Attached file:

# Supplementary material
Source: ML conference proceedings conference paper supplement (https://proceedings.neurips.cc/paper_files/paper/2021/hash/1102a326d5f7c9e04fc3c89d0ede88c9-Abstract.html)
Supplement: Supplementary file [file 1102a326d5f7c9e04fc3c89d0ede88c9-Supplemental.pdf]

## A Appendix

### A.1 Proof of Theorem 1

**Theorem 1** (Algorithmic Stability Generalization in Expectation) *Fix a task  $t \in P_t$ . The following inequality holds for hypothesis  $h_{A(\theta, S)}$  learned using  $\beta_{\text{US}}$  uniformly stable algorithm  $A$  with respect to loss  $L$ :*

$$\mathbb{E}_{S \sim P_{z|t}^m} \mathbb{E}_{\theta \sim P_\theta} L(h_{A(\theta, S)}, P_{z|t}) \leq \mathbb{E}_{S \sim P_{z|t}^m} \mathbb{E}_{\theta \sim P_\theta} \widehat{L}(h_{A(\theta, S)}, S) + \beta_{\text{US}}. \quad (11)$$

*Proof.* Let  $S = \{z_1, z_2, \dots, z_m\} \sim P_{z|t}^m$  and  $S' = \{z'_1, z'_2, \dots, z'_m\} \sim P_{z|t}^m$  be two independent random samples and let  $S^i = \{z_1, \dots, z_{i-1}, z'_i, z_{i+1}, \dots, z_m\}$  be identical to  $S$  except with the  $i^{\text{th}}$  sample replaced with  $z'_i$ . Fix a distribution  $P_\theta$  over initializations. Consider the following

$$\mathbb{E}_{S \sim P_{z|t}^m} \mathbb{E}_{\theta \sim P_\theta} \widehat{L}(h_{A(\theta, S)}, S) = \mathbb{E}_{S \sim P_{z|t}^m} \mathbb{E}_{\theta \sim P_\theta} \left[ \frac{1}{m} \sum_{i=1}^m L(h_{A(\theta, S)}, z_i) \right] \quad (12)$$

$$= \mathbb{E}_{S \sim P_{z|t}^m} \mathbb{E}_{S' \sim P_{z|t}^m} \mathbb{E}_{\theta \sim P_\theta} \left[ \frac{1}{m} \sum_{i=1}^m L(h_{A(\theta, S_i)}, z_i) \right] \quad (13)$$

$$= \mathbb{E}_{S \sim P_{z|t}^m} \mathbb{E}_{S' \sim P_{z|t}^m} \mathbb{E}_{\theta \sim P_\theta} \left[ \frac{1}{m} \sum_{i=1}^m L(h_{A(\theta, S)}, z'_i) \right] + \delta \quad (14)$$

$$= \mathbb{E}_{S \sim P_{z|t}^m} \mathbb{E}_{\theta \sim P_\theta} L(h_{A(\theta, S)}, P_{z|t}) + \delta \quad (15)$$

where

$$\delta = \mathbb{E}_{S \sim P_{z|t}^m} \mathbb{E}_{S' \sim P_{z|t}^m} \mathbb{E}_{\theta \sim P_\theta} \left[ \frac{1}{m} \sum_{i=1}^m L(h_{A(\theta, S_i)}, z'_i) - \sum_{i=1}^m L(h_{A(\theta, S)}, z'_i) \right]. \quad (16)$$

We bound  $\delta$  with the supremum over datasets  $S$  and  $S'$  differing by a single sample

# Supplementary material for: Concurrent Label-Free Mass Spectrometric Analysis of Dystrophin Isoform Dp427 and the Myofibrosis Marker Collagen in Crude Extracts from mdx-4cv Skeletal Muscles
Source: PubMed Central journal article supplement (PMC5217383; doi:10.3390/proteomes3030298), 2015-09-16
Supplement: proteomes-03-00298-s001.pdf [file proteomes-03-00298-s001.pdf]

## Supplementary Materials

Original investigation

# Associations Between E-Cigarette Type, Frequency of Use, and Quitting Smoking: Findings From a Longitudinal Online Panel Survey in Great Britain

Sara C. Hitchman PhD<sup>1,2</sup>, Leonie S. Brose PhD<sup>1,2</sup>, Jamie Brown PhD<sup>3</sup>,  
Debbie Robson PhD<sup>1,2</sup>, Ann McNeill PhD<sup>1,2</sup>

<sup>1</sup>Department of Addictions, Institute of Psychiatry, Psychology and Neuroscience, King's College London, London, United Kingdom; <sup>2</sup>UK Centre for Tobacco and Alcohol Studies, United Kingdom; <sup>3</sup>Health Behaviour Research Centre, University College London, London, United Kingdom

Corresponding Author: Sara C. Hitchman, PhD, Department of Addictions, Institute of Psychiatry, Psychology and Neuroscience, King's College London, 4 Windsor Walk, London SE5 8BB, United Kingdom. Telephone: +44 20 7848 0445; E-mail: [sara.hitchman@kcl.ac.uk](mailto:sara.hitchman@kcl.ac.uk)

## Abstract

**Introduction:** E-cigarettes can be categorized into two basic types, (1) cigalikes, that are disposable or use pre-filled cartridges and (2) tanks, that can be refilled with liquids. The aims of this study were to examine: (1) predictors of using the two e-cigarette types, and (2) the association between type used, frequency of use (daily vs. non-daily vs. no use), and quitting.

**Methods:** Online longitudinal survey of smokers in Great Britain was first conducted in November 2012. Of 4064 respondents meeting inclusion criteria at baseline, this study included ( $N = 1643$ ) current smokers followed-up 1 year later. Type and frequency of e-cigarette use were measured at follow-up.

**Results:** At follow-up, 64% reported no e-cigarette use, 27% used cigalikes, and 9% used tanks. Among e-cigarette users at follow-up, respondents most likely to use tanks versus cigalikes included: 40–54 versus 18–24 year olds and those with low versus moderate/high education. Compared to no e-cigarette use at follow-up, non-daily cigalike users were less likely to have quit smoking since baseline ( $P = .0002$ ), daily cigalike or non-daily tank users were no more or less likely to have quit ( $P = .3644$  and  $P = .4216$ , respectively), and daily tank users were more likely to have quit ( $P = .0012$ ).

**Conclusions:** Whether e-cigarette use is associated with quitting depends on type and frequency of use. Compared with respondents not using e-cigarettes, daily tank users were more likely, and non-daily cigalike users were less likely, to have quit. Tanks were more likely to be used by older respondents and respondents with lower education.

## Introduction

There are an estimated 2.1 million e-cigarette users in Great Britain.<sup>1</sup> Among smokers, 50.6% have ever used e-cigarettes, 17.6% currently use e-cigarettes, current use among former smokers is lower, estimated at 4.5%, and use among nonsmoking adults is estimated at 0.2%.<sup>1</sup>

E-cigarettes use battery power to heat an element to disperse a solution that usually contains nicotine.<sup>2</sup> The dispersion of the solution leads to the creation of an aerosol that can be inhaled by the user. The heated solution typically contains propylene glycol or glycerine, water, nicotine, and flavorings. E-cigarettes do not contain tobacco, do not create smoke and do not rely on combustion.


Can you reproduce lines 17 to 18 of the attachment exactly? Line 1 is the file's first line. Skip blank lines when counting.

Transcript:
Source: PubMed Central journal article supplement (PMC5217383; doi:10.3390/proteomes3030298), 2015-09-16
Supplement: proteomes-03-00298-s001.pdf [file proteomes-03-00298-s001.pdf]